Why Employee Buy-In is a Perception, Shawn Casemore, speaker and business coach

Why Employee Buy-In is a Perception

How do we obtain employee buy-in?

This past week I spoke to a group of financial leaders at their annual retreat. The group was preparing to introduce changes in how they pursued and achieved their annual objectives at the branch level.  Our discussions centered around how to obtain buy-in from their employees. The key message we discussed was that success in achieving their objectives will require a shift in the perceptions of their employees. Perception precedes buy-in and buy-in is necessary for engagement and commitment.

Perceptions, the starting point then in building commitment, requires that those impacted by a change or initiative must believe that the change is:
(A) necessary based on their perceptions
(B) achievable within the constraints of their existing roles and time, and
(C) sustainable based on other existing initiatives and priorities.

Since every employee has a different perception and idea around what is necessary, achievable and sustainable, the degree to which any new change introduced will succeed can vary dramatically.

The starting point of introducing any new initiative or change begins with understanding employee perceptions in each of the following three areas. Ask employees individually, or in smaller focus groups, the following questions:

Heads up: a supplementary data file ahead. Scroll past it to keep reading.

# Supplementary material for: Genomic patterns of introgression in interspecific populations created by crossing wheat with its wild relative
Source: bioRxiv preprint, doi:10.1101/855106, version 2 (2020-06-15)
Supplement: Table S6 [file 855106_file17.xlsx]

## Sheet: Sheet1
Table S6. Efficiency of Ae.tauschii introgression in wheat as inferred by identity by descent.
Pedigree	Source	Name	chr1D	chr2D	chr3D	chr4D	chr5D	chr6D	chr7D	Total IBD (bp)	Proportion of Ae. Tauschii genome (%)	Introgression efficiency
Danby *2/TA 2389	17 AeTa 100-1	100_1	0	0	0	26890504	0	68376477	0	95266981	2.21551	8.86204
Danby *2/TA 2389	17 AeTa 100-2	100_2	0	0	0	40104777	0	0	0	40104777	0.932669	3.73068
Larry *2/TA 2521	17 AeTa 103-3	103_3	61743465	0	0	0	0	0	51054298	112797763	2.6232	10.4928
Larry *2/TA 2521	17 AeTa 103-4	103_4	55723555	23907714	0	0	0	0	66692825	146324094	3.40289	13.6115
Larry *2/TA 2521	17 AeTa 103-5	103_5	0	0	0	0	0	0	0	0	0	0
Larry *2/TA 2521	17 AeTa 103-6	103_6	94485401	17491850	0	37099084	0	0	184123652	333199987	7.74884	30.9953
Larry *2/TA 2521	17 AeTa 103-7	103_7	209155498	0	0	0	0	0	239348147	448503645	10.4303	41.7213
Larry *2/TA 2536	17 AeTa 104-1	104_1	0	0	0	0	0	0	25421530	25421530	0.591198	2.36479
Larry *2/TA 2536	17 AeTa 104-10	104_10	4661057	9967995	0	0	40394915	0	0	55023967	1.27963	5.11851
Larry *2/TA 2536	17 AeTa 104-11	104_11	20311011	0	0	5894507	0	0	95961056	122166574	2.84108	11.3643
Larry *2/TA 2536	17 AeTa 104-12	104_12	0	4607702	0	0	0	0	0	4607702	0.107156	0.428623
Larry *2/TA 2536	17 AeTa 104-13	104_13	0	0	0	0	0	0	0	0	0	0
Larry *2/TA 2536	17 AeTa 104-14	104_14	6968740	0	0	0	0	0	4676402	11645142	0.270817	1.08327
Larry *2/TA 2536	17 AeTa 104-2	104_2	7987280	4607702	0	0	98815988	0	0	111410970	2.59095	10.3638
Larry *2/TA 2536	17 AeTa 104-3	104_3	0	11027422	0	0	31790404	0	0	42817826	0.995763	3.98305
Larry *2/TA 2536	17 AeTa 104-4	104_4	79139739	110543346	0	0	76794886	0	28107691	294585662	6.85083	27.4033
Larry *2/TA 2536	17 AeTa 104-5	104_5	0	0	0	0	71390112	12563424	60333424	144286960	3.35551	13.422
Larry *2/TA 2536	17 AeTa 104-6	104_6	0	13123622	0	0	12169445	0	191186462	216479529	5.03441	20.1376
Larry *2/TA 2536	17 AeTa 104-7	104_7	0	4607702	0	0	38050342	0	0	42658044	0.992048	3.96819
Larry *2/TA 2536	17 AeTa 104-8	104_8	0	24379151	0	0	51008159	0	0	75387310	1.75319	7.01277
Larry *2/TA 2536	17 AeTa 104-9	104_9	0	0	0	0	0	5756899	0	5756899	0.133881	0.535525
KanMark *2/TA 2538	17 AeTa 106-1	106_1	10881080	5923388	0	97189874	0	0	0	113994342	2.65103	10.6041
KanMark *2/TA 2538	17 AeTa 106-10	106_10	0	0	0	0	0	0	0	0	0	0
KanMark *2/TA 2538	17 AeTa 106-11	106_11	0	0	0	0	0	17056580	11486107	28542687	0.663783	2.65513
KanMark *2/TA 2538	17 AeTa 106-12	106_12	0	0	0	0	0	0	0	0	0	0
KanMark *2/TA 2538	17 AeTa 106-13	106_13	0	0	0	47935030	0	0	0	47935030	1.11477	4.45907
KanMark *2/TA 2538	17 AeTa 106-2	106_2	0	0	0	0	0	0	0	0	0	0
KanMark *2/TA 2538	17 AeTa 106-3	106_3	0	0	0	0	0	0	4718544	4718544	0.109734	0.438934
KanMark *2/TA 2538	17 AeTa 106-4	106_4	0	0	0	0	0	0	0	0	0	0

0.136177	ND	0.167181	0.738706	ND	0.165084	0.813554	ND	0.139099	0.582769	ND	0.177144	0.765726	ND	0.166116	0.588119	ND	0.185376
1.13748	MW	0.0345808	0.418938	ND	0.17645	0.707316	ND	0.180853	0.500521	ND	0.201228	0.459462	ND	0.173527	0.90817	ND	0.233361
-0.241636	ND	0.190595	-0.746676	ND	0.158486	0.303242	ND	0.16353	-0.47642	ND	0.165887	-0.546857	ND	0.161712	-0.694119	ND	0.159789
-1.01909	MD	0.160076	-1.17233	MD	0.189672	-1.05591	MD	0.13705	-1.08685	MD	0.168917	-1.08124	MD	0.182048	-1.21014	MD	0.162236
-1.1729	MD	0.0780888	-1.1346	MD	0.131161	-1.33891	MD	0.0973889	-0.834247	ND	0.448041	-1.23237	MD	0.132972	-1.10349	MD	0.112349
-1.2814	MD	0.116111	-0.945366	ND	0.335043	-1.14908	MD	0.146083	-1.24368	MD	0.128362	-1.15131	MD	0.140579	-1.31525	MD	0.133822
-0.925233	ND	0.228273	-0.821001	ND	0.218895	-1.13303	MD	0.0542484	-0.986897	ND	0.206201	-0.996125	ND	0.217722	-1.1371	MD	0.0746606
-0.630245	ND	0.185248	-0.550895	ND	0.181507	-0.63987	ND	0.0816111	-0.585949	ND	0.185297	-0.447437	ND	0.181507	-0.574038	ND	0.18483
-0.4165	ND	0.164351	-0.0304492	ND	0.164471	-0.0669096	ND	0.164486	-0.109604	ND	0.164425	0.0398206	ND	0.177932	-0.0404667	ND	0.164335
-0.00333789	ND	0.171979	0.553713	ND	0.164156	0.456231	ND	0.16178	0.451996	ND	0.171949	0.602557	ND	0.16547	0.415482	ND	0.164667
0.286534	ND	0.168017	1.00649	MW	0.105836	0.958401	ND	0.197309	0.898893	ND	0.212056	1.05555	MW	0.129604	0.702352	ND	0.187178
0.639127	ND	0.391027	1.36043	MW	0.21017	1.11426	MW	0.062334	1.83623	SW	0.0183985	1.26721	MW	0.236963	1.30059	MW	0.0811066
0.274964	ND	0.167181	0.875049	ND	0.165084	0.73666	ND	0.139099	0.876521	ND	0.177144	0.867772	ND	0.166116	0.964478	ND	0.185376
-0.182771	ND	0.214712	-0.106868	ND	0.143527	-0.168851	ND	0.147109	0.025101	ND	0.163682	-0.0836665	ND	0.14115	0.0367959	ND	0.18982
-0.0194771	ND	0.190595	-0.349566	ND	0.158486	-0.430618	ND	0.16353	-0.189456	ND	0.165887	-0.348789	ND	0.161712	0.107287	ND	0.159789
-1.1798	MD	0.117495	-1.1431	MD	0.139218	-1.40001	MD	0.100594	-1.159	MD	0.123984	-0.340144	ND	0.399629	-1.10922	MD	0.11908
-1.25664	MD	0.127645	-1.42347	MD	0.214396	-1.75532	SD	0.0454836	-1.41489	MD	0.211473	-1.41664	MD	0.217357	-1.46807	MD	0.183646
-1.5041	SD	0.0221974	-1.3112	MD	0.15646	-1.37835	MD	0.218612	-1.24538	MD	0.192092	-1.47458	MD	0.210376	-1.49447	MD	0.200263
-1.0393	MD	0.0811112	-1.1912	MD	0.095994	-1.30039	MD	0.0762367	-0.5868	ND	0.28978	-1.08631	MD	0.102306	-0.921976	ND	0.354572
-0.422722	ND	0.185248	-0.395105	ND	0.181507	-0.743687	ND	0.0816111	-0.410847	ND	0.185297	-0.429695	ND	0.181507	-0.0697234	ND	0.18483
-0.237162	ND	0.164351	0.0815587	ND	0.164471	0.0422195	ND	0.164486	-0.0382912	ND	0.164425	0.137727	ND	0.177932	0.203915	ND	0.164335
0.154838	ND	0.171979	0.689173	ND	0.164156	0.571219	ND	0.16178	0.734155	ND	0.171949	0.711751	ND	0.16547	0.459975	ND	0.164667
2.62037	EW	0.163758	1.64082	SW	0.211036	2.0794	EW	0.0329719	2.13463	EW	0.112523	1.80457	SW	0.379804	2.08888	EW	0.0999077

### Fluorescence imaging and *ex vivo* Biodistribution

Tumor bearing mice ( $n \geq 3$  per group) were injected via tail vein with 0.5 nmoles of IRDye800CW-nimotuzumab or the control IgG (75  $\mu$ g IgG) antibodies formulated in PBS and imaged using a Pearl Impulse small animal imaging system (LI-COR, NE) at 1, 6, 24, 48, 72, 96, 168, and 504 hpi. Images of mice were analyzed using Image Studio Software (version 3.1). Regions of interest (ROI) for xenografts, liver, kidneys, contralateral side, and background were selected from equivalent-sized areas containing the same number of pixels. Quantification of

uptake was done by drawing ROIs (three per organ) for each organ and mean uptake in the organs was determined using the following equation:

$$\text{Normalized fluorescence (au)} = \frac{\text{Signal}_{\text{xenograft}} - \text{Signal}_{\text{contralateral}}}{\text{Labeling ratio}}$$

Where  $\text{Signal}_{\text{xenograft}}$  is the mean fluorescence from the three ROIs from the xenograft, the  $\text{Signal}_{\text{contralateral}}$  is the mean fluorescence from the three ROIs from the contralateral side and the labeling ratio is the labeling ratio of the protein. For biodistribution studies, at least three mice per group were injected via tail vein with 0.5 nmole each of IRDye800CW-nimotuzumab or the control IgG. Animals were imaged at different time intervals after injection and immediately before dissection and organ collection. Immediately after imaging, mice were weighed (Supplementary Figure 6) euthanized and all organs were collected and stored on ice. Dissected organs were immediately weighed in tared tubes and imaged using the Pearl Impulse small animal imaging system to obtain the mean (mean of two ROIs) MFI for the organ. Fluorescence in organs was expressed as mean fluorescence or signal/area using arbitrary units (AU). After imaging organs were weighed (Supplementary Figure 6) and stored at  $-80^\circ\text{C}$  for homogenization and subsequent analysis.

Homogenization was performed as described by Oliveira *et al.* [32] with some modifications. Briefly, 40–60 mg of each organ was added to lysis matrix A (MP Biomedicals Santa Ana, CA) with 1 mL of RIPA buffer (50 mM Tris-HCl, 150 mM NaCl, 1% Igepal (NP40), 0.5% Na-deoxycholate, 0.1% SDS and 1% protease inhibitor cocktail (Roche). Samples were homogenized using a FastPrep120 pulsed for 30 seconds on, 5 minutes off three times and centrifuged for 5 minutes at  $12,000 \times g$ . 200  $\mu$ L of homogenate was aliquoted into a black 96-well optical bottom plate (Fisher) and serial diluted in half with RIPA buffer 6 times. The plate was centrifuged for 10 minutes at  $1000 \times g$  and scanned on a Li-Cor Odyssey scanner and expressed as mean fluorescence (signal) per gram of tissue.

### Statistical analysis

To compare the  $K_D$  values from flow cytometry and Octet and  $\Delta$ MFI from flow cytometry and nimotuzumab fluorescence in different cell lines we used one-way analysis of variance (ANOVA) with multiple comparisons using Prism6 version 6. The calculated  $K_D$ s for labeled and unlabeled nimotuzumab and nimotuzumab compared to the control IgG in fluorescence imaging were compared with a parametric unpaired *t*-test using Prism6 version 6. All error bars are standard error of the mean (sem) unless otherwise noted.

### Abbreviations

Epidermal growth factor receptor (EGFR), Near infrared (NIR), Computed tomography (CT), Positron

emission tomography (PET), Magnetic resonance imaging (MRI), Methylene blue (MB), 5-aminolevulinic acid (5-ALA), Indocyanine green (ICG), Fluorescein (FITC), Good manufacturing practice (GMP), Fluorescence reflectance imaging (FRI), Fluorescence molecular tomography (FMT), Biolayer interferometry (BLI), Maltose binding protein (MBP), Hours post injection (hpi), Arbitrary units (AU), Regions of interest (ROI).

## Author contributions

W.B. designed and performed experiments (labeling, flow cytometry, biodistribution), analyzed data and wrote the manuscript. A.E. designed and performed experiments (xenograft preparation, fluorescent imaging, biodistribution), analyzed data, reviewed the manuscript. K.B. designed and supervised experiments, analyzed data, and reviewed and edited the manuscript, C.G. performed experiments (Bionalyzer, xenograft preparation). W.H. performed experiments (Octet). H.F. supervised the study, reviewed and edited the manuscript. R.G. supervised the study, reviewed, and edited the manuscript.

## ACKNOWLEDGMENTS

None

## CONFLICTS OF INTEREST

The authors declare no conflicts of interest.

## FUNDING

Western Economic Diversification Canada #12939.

1. Do employees believe the desired change (in behaviour, thinking or activity) is necessary?

2. Do employees believe that the change is something that is reasonably achievable based on their existing priorities and time constraints?

3. Is the change sustainable over the long-term or is it at risk of failing?

With feedback and a clear understanding of employee perceptions in these areas, leaders can work to determine how, when and to what degree a new initiative or change is introduced. More importantly, this feedback provides key information that can support how to shift perceptions through proper positioning of the change or initiative.

What happens if the employees of these financial leaders do not support introducing this new method of setting and pursuing goals?  It offers a clear signal that their perception is that either the new approach to goal setting is not achievable in it’s current state or, it will require too much time to apply. These perceptions can be altered by holding broader dialogue with employees about the change.  Discuss what won’t work and why.  Or, offer to provide more time for training and testing of the approach.  Furthermore, pilot the new approach on a smaller scale for experiential learning and to demonstrate results.

Since I’m guessing that you are constantly introducing new changes and initiatives within your team or organization, take a few moments to plan out your next initiative using the steps above.  Obtain employee ideas and feedback on a potential change.  Identify perceptions that require shifting. Engage in dialogue with employees to address their perceptions. Adjust training time and material accordingly and then pilot the initiative on a smaller scale. This approach will not only effect perceptions and increase employee buy-in, but will result in less time invested in attempting to introduce new initiatives.

If you’re still stuck on how to effectively introduce change and get the employee buy-in you need, contact me. I offer customized coaching programs for business owners, executives and leaders to navigate business challenges, improve their effectiveness and increase confidence.

© Shawn Casemore 2017. All rights reserved.

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